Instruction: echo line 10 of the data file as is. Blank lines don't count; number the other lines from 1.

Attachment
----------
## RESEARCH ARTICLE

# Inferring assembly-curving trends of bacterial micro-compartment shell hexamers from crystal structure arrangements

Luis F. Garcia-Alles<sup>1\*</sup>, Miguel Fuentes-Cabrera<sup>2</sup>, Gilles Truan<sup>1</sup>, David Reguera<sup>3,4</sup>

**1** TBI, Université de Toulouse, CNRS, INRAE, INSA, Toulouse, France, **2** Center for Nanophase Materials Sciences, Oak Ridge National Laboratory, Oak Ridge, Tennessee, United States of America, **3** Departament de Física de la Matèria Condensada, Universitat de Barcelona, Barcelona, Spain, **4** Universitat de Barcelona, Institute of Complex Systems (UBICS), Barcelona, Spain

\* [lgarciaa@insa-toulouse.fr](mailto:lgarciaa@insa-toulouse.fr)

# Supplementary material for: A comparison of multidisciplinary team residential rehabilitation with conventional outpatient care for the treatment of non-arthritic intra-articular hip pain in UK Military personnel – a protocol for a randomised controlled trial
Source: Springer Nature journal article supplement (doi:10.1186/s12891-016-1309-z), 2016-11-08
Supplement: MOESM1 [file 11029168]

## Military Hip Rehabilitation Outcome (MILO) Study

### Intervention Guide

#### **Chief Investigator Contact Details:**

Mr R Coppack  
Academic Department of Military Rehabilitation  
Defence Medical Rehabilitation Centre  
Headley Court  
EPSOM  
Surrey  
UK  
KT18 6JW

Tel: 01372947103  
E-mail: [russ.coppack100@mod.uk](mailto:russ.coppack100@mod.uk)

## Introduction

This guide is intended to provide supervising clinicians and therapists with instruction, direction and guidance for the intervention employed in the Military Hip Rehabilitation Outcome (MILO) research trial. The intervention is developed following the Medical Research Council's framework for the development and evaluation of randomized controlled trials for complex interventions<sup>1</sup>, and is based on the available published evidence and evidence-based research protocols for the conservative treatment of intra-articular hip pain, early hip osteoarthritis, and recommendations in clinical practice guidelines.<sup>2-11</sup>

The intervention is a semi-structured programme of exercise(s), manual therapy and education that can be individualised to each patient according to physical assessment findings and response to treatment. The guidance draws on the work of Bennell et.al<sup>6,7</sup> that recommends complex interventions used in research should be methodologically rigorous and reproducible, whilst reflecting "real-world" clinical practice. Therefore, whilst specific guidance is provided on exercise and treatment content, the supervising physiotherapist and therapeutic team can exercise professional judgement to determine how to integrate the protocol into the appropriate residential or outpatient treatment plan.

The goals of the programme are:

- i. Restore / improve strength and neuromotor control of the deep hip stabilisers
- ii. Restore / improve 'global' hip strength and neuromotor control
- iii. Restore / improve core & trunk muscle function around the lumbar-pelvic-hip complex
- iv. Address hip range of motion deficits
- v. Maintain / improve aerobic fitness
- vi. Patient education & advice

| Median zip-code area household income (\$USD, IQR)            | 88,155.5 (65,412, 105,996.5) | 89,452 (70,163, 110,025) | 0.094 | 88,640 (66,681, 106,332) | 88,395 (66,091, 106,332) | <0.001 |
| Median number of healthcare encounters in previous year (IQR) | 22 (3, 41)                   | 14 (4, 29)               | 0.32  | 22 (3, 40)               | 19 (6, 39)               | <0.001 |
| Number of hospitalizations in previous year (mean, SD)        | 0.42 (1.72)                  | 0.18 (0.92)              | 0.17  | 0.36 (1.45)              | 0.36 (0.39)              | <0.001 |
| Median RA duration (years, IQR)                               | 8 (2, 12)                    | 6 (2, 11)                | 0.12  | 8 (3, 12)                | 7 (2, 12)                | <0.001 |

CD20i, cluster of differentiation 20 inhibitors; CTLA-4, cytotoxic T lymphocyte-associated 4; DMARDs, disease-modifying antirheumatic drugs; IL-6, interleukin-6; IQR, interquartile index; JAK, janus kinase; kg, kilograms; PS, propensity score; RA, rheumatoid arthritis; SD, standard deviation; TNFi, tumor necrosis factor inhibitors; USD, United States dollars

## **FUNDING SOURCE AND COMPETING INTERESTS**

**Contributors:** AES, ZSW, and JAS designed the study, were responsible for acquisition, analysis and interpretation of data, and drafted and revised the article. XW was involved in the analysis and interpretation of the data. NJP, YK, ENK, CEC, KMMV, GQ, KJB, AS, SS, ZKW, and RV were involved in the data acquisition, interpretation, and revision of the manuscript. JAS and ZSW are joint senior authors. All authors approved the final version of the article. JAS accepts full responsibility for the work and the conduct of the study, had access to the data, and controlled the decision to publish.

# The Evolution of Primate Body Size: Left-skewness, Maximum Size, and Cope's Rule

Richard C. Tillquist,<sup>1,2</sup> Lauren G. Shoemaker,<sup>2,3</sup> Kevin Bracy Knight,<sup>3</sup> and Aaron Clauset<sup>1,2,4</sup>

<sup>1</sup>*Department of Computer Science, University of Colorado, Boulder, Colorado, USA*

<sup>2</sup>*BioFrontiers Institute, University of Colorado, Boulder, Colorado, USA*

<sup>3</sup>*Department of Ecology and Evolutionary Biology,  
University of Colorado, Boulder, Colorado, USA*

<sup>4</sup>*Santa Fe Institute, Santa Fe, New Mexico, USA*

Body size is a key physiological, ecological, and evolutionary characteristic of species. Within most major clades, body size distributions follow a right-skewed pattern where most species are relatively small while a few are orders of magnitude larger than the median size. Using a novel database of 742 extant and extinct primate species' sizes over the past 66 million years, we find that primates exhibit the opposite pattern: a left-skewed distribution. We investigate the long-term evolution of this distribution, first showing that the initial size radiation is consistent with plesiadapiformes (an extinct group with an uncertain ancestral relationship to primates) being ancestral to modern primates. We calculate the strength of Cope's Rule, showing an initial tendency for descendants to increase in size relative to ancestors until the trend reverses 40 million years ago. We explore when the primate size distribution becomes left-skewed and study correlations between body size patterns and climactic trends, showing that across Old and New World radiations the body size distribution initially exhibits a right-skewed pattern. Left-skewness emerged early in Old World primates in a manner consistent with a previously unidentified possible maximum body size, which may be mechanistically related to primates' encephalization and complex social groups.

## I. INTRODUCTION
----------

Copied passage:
### Intervention Guide